On appeal, the defendant claims that the court improperly set aside the jury verdict. Specifically, the defendant contends that she presented sufficient evidence from which the jury reasonably and logically could have found that ice or salt on the road caused her car to slide or skid into the plaintiff's vehicle. She further asserts that by setting aside the verdict, the court improperly invaded the exclusive province of the jury to make reasonable inferences from the evidence presented. We agree.

Our review of the record reveals that the jury had before it conflicting evidence from which it reasonably could have found either that there was or was not ice or salt on the road. On the one hand, there was the testimony of the plaintiff, who stated that she did not remember seeing any ice or salt on the road at the time of the accident, and a police report that indicated that the weather was clear and the road dry. On the other hand, the defendant presented a weather report indicating that at the time of the accident, there were approximately thirteen inches of snow and ice cover on exposed, untreated, undisturbed outdoor surfaces in the vicinity of Route 7. The report further revealed that there were intervening melting and freezing conditions from February 17 to 21, 2003. Additionally, although the defendant admitted that she did not examine the road surface at the exact spot of the accident, she testified that her vehicle had slid or skidded on ice or salt when she applied her car's brakes.1 The following colloquy transpired:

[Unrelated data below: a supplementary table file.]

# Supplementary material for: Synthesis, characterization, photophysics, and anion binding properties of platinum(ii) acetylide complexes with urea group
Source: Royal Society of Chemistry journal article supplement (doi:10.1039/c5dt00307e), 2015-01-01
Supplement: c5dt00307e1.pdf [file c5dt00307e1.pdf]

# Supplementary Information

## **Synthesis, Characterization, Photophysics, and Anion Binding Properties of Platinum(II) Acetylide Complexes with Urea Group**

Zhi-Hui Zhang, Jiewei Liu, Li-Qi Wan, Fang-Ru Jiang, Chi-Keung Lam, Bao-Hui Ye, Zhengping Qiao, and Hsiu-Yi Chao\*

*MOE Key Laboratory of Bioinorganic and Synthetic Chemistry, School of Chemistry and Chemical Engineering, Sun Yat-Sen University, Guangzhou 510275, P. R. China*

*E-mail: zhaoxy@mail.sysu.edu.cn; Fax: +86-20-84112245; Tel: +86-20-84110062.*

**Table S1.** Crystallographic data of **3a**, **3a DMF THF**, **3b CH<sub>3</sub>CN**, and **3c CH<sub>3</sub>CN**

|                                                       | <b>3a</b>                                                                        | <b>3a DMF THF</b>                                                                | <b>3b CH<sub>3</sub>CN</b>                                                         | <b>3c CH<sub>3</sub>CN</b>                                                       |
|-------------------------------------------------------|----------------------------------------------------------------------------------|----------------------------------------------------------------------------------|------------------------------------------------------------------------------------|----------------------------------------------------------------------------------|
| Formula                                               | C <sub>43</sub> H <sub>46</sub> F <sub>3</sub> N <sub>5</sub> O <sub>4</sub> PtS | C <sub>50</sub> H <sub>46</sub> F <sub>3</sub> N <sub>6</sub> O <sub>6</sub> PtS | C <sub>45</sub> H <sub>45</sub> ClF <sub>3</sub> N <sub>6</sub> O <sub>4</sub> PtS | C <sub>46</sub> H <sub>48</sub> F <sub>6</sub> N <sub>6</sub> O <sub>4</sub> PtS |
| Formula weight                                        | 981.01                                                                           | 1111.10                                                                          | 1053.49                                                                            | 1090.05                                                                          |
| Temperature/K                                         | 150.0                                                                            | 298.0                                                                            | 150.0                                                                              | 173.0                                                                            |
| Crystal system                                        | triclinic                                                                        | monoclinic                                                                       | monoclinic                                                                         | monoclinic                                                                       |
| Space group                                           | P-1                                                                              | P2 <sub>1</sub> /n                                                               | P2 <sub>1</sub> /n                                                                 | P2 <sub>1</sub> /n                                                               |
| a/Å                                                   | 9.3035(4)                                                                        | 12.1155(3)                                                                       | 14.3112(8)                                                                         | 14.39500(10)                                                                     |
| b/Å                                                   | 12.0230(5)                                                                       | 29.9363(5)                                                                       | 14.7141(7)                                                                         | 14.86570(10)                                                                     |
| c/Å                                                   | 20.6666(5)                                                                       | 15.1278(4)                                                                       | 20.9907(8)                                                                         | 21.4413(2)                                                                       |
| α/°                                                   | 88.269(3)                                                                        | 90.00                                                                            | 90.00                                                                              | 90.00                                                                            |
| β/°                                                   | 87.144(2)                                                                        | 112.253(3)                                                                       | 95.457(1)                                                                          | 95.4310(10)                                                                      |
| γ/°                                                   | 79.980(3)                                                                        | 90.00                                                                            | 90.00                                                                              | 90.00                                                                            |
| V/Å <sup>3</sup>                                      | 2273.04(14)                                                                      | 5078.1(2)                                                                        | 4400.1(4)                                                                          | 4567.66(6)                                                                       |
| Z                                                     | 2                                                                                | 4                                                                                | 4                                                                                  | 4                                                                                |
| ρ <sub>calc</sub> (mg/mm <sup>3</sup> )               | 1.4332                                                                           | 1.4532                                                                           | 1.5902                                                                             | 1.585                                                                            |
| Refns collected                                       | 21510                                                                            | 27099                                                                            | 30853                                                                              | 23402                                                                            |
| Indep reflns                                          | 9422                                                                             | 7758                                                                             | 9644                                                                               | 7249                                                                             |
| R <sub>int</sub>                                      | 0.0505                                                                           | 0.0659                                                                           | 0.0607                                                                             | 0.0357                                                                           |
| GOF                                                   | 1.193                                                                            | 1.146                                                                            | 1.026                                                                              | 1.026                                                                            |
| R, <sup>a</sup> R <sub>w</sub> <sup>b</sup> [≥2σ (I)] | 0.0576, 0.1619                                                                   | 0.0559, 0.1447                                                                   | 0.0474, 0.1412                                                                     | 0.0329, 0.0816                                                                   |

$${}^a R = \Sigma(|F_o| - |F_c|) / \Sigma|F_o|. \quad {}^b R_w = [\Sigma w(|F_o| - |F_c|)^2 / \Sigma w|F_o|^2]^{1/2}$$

“[The Plaintiff's Counsel]: So, as we sit here today, I know you're telling us you may have slid on ice or salt, but you're really not sure?

“[The Defendant]: No. I did slide on a substance. I can't tell you if it was ice or salt. I know I slid.”

When reviewing whether the court properly set aside the jury verdict, our standard directs that we must examine whether there was some evidence on which the jury reasonably could have based its verdict. See Murdock v. Croughwell, 268 Conn. 559, 565, 848 A.2d 363 (2004). “[A] jury may make all inferences and conclusions which, in their judgment and discretion, may logically and reasonably be drawn from the facts in evidence․ The test is, not that the inference must unavoidably and unerringly point in one direction, but, rather, whether the rational mind could with reasonableness draw the inference․ If two rational minds could reasonably draw different inferences from facts in evidence, whether controverted or uncontroverted, the decision is for the jury .” (Internal quotation marks omitted.) Magnon v. Glickman, 185 Conn. 234, 239, 440 A.2d 909 (1981); see Campbell v. Palmer, 20 Conn.App. 544, 549, 568 A.2d 1064 (1990) (“[p]roof by circumstantial evidence is sufficient where rational minds could reasonably and logically draw the inference” [internal quotation marks omitted] ); see also State v. Hart, 118 Conn.App. 763, 778, 986 A.2d 1058 (“there is no legal distinction between direct and circumstantial evidence so far as probative force is concerned”), cert. denied, 295 Conn. 908, 989 A.2d 604 (2010). Here, based on the defendant's testimony and the weather report, the jury reasonably could have inferred that the defendant's car slid on ice or salt and crashed into the plaintiff's car. It was the exclusive province of the jury to weigh the conflicting evidence and to determine whether there was ice or salt on the road, and, if so, whether it caused the defendant's car to strike the plaintiff's vehicle. See Stein v. Tong, 117 Conn.App. 19, 24, 979 A.2d 494 (2009). We, therefore, conclude that the court improperly set aside the verdict.

The judgment is reversed and the case is remanded with instruction to render judgment consistent with the jury verdict in favor of the defendant.

In this opinion the other judges concurred.


1.  Although this evidence was at best scanty, it was evidence that the jury could have considered.